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Dogs able to understand humans at very early age, study finds

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Posted at 1:36 PM, Jun 04, 2021
and last updated 2021-06-04 15:36:49-04

TUSCON, Ariz. — A dog’s ability to understand people may be present shortly after birth rather than learned, according to a new study by University of Arizona researchers that was published in the journal Current Biology on Thursday.

The study also found that genetics may help explain why some dogs perform better than others regarding social tasks, like following pointing gestures.

The study found that more than 40% of the variation in dogs’ point-following abilities and attention to human faces was attributed to genetic factors.

“Our results suggest that these social skills in dogs emerge early in development and are under strong genetic control,” researchers wrote in the study.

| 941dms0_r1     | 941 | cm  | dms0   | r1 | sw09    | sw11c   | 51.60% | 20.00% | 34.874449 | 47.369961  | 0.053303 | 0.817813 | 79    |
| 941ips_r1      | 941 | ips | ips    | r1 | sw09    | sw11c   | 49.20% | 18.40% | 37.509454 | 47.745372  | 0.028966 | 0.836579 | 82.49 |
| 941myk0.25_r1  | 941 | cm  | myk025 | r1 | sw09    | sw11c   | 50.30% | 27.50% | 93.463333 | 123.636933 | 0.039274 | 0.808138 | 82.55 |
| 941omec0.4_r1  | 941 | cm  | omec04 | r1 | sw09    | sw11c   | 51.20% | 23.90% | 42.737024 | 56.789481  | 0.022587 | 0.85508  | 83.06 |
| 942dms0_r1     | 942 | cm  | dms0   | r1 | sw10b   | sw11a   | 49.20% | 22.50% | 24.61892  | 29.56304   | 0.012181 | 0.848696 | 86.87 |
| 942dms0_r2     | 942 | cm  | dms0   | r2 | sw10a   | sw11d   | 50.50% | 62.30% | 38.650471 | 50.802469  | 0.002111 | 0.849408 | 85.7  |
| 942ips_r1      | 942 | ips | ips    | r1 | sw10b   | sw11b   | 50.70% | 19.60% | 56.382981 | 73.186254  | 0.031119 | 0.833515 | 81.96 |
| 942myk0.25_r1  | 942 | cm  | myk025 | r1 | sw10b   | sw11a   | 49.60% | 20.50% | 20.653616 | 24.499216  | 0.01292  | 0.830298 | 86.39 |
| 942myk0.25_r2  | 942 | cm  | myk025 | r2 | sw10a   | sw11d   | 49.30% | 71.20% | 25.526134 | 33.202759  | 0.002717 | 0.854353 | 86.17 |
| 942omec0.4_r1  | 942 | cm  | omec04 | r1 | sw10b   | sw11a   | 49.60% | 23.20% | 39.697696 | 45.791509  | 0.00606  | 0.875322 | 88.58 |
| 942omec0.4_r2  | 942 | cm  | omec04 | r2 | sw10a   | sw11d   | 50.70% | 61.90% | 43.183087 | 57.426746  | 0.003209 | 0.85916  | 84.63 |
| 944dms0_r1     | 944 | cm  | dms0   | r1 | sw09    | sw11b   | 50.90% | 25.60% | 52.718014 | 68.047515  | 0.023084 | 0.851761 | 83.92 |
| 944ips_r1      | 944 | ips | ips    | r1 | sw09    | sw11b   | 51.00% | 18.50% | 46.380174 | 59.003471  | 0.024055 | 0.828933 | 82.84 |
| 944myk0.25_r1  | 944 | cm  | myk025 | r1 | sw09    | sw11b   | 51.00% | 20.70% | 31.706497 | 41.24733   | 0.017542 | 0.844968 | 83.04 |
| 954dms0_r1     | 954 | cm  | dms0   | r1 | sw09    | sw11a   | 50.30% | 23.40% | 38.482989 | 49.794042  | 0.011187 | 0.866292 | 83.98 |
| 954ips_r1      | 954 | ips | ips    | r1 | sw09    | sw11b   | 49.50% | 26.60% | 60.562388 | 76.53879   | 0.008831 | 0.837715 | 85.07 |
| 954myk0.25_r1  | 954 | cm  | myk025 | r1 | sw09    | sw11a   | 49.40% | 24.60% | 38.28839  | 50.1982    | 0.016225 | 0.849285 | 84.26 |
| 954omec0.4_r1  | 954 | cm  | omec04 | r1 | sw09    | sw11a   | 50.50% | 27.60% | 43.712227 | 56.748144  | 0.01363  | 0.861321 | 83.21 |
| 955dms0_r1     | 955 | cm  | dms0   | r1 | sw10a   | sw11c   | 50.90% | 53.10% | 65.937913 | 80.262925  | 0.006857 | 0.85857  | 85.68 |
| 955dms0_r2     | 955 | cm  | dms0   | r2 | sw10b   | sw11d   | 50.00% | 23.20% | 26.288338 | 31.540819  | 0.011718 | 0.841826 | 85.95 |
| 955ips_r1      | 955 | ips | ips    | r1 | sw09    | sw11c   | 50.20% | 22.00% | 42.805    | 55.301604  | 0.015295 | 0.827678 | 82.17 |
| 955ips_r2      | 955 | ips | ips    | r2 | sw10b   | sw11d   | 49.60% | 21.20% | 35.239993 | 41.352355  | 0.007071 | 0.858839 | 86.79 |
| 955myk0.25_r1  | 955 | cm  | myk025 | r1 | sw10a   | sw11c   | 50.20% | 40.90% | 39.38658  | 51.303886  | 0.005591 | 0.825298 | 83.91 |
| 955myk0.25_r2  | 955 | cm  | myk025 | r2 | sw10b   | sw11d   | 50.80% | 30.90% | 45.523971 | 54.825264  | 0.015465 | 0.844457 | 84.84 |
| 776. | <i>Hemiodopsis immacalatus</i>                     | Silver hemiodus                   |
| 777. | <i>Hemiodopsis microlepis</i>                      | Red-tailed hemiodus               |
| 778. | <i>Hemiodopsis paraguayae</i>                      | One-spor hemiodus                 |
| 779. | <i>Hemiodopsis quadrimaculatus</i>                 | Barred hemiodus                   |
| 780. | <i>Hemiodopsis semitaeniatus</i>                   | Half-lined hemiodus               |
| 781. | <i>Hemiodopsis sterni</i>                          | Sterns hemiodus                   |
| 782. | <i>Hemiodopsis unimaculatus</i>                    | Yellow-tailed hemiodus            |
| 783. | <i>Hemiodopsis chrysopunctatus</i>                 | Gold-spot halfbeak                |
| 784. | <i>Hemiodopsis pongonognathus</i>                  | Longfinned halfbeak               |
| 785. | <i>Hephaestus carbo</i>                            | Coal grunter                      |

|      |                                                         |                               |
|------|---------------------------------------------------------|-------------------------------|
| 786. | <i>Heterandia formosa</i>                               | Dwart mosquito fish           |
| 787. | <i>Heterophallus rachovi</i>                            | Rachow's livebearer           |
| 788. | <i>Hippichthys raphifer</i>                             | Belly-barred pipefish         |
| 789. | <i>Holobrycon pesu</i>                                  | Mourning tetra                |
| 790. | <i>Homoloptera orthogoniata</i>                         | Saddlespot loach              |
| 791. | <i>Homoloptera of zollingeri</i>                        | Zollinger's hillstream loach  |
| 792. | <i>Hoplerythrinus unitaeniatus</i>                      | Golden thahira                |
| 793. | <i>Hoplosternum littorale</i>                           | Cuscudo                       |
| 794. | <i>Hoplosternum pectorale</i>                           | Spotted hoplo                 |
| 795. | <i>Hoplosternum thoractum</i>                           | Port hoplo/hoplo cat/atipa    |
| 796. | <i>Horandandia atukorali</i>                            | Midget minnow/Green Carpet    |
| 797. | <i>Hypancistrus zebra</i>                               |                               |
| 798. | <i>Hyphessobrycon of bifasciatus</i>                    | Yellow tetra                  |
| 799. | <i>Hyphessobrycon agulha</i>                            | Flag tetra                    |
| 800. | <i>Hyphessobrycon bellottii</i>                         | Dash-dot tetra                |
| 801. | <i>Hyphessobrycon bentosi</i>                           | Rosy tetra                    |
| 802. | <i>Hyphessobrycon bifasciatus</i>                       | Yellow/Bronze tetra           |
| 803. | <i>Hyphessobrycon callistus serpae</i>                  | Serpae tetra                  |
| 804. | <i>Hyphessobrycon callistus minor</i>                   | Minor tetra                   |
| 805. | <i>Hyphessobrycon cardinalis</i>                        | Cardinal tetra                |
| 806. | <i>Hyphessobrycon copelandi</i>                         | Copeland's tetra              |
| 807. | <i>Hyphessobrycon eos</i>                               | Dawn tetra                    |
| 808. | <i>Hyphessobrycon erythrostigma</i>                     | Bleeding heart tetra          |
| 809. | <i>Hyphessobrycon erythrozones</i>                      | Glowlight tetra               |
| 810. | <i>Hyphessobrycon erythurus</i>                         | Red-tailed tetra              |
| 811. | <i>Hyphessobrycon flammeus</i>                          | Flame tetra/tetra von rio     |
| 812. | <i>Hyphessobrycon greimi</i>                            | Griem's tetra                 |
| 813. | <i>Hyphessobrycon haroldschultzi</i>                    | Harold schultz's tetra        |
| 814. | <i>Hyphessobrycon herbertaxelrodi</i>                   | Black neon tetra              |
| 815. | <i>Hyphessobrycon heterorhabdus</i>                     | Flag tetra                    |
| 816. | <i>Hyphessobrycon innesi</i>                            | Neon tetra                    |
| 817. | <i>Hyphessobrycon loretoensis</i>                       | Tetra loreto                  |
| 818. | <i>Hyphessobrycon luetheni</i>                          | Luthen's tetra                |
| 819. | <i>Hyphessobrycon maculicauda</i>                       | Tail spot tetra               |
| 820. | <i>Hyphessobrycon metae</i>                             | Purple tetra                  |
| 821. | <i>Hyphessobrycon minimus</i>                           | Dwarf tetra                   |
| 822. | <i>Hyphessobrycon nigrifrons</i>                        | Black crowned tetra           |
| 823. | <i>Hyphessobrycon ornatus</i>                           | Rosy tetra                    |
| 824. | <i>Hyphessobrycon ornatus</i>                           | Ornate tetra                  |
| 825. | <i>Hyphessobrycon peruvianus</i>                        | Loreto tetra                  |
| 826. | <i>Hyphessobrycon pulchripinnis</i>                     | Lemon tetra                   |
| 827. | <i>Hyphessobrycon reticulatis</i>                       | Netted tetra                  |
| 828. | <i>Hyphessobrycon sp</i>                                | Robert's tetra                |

Lead study author Emily Bray told the university that evidence shows puppies are biologically prepared to interact in social ways, kind of like humans.

The researchers tested 375 8-week-old service dog puppies on several social-cognitive measures. They learned that the pups were highly skilled at observing diverse human gestures and found no evidence that their performance required learning.

"People have been interested in dogs' abilities to do these kinds of things for a long time, but there's always been debate about to what extent is this really in the biology of dogs, versus something they learn by palling around with humans," study co-author Evan MacLean told the university. "We found that there's definitely a strong genetic component, and they're definitely doing it from the get-go."

MacLean said the next step will be to see if researchers can identify the specific genes that may contribute to dogs' capacity to communicate with humans.

"We've done some previous studies that show that dogs who tend to be successful as service dogs respond to people in different ways than dogs who aren't successful," MacLean said. "If you could identify a potential genetic basis for these traits, you might be able to predict, even before the puppy is born, if they are part of a litter that would be good service dog candidates because they have the right genetic background. It's a long way down the road, but there is potential to start applying this."